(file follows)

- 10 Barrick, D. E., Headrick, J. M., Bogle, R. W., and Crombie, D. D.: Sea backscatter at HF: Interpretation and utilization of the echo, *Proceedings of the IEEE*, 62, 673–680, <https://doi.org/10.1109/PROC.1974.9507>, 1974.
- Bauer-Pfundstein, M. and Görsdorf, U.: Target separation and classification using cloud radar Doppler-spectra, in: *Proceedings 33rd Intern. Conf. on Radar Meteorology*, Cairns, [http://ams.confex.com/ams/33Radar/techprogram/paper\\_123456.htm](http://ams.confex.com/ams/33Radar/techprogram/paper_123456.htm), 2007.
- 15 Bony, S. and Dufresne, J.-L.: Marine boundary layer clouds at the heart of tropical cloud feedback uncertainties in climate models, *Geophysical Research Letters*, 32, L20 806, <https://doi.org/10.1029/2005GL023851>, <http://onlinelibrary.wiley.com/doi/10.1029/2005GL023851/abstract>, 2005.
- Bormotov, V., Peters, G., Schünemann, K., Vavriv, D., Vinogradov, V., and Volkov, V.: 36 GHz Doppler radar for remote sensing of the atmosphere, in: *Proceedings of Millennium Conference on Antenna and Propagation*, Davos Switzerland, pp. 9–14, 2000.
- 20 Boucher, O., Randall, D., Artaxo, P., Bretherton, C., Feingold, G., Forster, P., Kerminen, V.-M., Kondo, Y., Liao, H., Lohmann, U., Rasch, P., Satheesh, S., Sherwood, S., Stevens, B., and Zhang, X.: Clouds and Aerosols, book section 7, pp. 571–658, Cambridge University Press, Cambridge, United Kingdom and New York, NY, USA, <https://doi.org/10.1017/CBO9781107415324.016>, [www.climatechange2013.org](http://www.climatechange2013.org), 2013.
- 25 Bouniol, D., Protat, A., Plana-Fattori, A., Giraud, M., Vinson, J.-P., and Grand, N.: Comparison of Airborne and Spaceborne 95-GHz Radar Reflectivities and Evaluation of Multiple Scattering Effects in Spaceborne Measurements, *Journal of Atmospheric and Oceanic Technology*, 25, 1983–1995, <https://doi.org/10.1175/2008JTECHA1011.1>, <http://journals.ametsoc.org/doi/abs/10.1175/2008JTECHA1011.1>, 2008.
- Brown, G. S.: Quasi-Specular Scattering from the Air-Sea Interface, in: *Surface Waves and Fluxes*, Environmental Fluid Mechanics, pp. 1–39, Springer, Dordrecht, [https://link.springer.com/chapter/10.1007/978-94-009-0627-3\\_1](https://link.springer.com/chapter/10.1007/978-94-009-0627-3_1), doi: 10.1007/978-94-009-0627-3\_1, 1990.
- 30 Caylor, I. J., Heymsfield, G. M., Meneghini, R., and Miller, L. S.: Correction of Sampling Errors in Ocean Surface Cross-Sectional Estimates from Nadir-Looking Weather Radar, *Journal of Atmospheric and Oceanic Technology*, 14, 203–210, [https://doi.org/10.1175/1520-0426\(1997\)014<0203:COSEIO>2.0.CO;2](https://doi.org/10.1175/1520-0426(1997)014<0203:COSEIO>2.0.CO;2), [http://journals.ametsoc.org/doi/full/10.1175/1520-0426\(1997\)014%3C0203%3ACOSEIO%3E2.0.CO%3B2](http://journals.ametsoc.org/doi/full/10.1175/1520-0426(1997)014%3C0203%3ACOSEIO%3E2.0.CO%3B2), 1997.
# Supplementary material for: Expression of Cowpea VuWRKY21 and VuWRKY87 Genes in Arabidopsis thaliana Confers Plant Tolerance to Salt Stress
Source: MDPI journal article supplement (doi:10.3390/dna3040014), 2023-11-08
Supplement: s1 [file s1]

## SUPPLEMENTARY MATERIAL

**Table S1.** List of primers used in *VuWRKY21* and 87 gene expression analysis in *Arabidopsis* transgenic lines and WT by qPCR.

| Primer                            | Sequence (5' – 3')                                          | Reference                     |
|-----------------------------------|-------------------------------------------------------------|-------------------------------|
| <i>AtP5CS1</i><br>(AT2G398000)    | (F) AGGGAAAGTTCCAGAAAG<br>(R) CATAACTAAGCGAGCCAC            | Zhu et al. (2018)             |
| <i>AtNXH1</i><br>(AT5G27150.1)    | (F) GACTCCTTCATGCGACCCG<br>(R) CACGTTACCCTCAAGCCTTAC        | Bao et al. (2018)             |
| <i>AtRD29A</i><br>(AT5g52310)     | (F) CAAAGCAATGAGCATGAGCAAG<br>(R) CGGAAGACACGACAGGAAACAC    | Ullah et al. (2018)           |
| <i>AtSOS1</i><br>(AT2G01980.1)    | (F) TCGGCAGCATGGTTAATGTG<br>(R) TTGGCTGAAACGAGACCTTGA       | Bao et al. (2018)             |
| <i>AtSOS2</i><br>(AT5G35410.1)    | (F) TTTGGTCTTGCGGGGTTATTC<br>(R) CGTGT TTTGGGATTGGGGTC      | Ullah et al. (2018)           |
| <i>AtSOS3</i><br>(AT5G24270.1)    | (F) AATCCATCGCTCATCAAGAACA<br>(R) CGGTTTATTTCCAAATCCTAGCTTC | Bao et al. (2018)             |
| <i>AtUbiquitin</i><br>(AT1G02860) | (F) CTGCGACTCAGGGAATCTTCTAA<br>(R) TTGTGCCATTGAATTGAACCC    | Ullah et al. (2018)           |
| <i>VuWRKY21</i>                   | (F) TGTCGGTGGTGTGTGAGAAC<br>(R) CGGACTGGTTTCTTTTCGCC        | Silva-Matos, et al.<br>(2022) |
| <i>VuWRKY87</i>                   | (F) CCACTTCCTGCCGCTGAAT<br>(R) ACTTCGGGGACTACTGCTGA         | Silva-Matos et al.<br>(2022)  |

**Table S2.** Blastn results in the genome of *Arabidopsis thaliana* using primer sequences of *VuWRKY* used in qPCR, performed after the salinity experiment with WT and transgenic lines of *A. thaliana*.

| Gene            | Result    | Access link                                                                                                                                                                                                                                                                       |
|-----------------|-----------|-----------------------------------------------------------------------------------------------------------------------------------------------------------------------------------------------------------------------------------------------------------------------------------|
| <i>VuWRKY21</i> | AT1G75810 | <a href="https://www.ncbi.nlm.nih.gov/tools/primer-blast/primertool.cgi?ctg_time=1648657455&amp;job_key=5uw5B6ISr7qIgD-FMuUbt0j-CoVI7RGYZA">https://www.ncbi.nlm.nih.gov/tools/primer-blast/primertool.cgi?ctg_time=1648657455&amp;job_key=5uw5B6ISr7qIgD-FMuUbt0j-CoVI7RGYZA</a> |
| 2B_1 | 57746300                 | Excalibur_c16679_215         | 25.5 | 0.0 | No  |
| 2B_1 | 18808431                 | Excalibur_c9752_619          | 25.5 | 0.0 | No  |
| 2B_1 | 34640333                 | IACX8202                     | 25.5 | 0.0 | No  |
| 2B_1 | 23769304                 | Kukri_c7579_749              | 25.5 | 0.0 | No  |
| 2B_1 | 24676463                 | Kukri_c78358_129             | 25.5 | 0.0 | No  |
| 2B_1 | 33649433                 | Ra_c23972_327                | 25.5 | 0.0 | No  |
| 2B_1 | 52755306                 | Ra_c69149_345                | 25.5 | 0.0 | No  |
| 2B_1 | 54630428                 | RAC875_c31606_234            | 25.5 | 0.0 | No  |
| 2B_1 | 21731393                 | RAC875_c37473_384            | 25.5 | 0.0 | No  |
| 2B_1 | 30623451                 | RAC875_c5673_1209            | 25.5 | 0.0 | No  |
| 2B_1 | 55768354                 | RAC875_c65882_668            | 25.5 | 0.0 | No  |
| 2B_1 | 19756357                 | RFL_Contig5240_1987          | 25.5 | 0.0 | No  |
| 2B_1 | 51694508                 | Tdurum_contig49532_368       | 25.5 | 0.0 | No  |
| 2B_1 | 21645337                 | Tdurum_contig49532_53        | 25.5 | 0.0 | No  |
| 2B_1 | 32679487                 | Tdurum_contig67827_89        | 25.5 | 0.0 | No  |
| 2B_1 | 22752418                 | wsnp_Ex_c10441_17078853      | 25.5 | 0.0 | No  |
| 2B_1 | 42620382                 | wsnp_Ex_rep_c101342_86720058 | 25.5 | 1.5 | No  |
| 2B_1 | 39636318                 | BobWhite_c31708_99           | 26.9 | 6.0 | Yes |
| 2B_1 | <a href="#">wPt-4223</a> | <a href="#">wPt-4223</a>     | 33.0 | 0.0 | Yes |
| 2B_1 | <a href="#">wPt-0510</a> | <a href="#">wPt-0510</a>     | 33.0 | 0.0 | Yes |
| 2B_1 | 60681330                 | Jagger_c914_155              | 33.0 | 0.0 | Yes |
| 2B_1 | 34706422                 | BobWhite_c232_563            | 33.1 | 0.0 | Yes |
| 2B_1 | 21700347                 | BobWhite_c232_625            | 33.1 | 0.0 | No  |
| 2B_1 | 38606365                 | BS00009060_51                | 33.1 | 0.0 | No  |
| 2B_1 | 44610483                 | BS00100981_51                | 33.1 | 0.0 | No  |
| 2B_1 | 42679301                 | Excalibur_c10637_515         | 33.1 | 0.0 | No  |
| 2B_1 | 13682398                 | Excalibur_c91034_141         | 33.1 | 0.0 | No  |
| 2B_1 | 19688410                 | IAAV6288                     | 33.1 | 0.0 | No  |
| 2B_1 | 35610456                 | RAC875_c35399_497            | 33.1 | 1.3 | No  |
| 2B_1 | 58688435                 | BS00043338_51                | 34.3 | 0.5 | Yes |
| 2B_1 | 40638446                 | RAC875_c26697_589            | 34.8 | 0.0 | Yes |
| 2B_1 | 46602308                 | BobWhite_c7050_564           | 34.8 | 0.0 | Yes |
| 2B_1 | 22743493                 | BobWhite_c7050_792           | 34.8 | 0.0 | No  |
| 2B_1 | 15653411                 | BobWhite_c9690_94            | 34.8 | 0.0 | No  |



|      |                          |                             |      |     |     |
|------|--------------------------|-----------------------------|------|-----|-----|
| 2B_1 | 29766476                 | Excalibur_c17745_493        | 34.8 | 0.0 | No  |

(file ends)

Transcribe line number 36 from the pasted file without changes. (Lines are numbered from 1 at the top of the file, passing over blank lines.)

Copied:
| 2B_1 | 54630428                 | RAC875_c31606_234            | 25.5 | 0.0 | No  |